Consumers today are joined at the hip to their next generation mobile devices, but when the same consumers use mobile technology at work this can create challenges for the enterprise.
At the CLP Group, director of information technology Andre Blumberg is well aware of these challenges, and has been leading his organization's response through 'Work Smart,' an umbrella program to communicate new technologies to around 4,400 Hong Kong based CLP Group employees.
"The IT department has always been known as the 'Department of No'," said Blumberg. "But part of Work Smart is to transform us into the 'Department of qualified Yes.'"
The Hong Kong utility provider has around 1,000 mobile workers, and rolled out its first mobile applications and devices in the 1990s, when many workers in the field were equipped with handheld devices for tasks such as meter reading.
More than ten years on, however, and much has changed in the area of mobility. "The whole consumerization of technology is really a fundamental shift on so many different levels," said Blumberg.
"We've been doing mobile for 15 years or so and what we are doing now, you could almost call it third generation mobility," he added. "The first generation was very specific around industrial ruggedized devices, then we had Windows mobile, and now we have consumerized Android and iOS."
While consumerization has made things "somewhat easier" in terms of people's familiarity levels with the technology, the challenges for the enterprise are now around user expectations, even though the enterprise has a different set of criteria around issues such as security, data privacy and a whole overlay of governance.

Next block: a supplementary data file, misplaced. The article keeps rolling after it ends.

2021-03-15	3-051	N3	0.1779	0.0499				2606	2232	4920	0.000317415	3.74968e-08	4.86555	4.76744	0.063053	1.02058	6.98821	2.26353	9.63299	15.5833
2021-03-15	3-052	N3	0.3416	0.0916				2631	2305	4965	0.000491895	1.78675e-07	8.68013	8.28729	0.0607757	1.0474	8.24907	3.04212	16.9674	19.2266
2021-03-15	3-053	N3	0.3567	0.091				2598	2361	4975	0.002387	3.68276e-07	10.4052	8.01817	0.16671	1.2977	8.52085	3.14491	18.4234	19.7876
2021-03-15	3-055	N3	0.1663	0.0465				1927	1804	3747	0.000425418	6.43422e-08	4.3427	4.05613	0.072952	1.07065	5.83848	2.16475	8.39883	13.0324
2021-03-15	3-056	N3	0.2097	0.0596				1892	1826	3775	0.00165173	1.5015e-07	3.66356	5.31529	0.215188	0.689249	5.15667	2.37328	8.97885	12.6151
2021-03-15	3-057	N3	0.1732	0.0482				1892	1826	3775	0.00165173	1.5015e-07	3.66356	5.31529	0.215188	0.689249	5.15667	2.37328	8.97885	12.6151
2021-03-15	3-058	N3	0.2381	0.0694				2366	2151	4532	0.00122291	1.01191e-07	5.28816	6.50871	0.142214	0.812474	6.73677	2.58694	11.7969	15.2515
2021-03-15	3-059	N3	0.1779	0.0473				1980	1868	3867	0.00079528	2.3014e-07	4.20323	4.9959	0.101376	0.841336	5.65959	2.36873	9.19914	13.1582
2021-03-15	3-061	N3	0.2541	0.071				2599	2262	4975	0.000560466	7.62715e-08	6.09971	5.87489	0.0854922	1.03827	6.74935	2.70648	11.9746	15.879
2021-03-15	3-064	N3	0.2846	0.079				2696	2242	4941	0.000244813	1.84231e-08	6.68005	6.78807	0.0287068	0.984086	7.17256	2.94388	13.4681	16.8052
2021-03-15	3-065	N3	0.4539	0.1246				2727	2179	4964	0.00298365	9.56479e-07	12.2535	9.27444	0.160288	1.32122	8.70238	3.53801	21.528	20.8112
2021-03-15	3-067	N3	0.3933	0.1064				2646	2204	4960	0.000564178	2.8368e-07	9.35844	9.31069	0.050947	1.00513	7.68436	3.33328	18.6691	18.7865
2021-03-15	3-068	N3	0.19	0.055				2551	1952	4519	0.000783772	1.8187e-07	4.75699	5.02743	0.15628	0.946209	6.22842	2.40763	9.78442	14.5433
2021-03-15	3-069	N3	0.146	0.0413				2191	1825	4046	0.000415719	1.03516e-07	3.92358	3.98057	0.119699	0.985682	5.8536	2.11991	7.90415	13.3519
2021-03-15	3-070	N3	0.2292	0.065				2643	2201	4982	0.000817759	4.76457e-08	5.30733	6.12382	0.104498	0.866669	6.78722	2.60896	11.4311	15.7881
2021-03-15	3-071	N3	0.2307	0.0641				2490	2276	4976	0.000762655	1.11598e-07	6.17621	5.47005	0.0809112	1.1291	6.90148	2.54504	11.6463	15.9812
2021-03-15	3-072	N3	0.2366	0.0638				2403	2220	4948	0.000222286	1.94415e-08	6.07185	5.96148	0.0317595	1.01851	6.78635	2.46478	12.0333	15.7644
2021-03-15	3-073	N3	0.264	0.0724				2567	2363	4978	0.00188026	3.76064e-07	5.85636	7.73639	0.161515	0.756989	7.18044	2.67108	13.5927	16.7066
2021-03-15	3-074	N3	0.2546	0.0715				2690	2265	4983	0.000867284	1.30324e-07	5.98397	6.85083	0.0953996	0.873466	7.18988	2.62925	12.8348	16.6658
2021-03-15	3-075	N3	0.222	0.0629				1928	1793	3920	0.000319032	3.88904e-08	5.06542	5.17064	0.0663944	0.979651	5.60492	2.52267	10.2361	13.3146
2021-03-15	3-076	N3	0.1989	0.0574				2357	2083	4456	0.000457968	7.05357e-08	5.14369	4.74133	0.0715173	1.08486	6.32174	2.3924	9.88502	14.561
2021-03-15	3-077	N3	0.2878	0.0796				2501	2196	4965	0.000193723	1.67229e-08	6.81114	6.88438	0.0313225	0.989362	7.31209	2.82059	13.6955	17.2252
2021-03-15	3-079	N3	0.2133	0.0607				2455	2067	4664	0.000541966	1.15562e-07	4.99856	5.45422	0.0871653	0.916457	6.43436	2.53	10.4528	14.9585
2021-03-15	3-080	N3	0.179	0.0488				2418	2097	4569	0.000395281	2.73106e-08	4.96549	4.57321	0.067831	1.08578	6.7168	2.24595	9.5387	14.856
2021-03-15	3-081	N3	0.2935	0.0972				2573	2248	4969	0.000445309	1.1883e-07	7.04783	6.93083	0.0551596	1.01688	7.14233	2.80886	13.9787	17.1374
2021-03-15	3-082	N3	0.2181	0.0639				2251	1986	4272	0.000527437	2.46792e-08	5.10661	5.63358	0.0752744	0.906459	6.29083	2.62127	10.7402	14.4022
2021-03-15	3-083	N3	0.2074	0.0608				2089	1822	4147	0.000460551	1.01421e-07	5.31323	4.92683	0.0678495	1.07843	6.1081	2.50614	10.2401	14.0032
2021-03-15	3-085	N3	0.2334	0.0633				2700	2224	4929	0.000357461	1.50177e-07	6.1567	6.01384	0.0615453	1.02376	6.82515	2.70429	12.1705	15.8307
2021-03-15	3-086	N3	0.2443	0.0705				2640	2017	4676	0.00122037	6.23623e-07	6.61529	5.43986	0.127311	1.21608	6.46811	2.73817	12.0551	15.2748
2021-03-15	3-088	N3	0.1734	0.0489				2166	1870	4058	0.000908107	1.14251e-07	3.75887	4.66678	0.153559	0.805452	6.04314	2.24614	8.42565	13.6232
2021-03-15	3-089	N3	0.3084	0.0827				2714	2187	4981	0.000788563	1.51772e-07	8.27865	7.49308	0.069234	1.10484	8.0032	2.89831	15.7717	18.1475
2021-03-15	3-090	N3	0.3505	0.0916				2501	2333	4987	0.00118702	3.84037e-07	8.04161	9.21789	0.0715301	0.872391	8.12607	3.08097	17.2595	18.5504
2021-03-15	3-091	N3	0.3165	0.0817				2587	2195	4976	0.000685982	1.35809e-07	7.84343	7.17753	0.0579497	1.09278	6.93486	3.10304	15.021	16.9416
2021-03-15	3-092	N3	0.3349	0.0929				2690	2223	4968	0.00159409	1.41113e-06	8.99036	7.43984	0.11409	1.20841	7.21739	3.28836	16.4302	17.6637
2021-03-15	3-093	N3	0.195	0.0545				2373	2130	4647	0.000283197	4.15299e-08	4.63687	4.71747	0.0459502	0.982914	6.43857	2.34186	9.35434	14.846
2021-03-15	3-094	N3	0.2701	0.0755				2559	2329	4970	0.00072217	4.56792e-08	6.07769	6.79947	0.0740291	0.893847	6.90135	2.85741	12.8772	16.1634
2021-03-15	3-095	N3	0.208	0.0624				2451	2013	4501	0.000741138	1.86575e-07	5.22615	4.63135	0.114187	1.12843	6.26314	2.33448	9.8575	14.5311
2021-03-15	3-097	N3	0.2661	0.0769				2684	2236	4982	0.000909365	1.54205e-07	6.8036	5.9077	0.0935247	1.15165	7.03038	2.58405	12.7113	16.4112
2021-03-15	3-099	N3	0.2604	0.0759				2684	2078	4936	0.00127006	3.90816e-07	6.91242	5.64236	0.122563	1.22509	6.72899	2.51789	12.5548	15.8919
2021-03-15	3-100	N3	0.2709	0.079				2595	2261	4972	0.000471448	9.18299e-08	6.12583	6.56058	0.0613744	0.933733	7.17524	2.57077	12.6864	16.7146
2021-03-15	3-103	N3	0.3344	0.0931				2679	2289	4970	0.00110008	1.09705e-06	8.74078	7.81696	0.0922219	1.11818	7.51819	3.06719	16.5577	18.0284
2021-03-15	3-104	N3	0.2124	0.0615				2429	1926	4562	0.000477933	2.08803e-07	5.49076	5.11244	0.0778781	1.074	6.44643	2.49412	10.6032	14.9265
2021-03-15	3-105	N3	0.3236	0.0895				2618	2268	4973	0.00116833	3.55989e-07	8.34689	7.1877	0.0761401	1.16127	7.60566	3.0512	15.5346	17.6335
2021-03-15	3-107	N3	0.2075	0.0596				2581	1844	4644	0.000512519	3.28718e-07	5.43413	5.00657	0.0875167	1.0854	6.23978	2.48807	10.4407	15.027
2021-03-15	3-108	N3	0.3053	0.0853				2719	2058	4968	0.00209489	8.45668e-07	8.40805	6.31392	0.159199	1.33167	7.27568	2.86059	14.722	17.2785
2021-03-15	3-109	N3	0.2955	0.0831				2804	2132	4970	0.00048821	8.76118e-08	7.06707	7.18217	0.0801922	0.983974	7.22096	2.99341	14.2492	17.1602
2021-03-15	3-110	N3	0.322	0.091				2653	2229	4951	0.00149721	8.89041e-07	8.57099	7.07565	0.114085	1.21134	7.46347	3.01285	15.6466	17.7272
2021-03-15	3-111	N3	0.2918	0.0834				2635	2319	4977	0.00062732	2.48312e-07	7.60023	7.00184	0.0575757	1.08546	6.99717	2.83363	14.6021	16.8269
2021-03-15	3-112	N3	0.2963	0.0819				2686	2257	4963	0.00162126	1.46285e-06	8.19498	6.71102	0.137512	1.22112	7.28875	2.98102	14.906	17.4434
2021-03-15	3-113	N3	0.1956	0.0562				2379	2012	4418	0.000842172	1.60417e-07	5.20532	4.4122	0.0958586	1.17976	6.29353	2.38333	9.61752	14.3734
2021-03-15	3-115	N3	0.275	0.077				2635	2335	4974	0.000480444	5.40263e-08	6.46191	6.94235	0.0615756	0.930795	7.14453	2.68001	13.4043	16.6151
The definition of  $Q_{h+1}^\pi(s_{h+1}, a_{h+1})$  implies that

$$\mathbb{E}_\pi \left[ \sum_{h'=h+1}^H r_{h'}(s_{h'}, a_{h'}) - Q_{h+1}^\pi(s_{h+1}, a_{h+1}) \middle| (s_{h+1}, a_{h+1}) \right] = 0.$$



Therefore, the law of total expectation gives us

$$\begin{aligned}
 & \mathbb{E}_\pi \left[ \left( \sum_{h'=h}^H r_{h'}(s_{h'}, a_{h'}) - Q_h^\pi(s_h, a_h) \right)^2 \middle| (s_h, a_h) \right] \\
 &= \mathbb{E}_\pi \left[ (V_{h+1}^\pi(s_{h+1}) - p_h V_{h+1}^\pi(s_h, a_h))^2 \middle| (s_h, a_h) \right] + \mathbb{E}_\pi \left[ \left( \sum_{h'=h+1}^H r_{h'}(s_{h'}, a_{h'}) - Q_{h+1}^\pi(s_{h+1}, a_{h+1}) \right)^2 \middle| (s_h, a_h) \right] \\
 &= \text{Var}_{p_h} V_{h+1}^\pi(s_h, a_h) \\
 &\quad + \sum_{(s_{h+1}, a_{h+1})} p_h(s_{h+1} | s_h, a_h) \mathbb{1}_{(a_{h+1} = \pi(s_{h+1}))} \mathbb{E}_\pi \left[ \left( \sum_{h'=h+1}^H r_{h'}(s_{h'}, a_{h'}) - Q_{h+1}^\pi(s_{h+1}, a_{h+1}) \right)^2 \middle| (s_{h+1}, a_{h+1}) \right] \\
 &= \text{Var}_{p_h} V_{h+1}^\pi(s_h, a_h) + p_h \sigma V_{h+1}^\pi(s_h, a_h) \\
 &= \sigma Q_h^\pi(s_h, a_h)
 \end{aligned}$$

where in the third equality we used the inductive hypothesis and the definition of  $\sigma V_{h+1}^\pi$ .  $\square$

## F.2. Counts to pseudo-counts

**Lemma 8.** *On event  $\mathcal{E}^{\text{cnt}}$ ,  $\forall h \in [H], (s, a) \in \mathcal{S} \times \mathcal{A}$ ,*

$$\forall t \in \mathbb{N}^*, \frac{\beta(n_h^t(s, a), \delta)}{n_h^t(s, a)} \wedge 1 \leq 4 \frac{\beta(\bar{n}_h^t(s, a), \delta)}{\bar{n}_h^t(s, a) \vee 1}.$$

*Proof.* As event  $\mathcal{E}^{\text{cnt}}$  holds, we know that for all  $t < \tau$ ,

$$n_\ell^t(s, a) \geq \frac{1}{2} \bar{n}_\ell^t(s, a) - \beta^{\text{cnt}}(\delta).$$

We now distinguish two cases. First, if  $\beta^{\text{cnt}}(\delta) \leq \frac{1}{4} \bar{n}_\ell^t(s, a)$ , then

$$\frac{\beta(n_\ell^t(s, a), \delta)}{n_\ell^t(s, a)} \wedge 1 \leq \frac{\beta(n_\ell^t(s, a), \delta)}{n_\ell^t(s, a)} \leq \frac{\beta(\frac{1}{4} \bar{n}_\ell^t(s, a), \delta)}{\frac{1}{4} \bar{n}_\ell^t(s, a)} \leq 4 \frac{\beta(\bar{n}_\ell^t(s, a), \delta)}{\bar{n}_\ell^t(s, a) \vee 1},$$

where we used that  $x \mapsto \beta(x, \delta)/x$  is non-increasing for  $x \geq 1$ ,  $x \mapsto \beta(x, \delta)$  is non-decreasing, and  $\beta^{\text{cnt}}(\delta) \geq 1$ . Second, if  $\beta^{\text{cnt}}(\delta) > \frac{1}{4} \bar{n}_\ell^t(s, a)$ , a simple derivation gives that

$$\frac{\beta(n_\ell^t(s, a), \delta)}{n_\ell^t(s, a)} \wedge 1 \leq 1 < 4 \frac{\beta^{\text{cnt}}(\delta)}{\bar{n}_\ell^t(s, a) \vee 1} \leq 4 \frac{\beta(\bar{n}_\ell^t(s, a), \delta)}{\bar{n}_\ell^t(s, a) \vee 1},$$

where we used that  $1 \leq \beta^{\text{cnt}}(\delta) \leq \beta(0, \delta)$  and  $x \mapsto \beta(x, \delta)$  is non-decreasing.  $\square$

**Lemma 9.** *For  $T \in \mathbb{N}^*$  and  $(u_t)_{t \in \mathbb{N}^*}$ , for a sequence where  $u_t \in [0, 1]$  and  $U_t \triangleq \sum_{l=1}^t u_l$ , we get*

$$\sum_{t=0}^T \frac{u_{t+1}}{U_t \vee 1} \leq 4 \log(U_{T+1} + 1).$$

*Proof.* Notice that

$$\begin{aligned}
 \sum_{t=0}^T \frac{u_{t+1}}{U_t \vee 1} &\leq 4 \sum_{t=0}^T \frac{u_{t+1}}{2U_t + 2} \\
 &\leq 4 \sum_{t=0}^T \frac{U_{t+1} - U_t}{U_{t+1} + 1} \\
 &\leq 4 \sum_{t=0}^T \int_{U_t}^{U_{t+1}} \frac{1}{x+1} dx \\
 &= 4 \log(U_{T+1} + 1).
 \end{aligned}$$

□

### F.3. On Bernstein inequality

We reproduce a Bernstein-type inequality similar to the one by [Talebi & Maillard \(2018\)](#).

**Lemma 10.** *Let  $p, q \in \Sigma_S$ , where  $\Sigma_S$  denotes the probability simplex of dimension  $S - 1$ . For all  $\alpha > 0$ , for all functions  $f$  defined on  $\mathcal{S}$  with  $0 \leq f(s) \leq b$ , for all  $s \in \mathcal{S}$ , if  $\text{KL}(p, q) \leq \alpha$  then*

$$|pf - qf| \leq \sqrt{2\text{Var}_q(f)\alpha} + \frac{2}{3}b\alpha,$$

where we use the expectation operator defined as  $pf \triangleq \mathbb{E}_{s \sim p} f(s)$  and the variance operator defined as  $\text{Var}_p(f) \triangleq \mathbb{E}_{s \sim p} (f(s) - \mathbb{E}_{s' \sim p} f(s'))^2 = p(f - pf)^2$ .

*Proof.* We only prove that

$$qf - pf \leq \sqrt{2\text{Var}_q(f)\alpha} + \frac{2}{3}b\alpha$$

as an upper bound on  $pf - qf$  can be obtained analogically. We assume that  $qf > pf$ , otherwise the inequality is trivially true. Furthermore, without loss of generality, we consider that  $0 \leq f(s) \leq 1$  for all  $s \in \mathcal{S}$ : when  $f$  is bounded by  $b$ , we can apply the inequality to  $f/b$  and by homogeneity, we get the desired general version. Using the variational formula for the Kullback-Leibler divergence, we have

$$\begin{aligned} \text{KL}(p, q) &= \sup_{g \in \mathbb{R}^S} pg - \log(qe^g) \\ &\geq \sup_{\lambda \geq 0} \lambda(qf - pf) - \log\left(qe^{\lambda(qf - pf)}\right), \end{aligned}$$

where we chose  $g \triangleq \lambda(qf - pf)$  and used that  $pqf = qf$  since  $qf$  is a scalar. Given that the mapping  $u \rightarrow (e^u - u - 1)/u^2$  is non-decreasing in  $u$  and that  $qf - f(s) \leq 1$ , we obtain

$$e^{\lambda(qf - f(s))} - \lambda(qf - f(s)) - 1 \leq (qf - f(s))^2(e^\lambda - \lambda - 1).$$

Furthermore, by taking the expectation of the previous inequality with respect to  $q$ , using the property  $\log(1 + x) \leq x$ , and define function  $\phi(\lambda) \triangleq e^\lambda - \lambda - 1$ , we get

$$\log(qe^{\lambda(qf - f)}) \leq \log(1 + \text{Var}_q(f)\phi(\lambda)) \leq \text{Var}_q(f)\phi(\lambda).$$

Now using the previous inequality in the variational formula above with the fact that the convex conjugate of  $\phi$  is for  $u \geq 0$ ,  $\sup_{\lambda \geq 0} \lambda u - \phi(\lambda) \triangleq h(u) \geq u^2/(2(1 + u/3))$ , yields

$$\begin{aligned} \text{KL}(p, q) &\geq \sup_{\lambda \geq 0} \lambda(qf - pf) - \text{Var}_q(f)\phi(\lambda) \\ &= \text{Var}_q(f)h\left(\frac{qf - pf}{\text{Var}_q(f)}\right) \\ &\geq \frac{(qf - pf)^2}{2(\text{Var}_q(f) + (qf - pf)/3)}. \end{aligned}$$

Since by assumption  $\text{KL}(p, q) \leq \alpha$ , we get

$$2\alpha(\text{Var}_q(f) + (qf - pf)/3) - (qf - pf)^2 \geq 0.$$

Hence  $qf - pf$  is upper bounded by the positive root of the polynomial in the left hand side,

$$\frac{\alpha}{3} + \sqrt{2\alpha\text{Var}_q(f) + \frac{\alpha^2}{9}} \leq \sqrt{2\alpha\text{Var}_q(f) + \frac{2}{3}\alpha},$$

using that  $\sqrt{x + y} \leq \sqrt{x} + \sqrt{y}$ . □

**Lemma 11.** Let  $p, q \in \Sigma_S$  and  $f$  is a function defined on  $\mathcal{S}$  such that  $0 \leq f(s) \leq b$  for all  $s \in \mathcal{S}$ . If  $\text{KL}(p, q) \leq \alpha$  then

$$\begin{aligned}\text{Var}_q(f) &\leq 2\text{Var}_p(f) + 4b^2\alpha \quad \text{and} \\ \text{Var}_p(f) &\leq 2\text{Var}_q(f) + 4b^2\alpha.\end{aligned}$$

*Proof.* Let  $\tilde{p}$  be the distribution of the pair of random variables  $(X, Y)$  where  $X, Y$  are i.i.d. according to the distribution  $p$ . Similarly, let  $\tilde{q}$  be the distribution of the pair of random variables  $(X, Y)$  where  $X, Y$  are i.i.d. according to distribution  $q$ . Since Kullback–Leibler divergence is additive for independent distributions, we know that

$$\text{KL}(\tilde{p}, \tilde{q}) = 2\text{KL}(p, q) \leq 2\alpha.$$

"People say, 'if it is so easy at home why is it so difficult at work?'" said Blumberg. "This is really a big shift in maturity, along with the increased digital capability, but there is now an expectation that corporate IT should be enabling the same experience that is available in personal lives, because people are using their own devices."
But there are requirements around the service level and security that are quite different in the enterprise, so there is a need to raise awareness and buy-in which is beyond just the technology.
The Work Smart program includes a response to employee BYOD, comprising a mobile device management (MDM) system, remote desktop support, Wi-Fi support and -- in terms of security -- device encryption, among others. There is also data syncing between devices, and access to apps, including those developed by CLP's in-house team. Benefits of the mobile enablement cover a broad range from improved customer service to increased productivity.
In the area of internal staff communications, broadcasts are now pushed out to mobile devices rather than through email in the past, and are getting much more traction and engagement.
"People on the road would click the email link to the broadcast and it wouldn't work properly," said Blumberg.
"Now we have what you might call the new age intranet on the smartphone which allows staff to access information easily, and while that started as a side project initially it has increased IT's credibility in the business."
One issue has been around privacy, and staff concerns that the IT department would be monitoring the nature of their usage.
"In the past we had good mobile technology but there was a reluctance from people to use it," said Blumberg.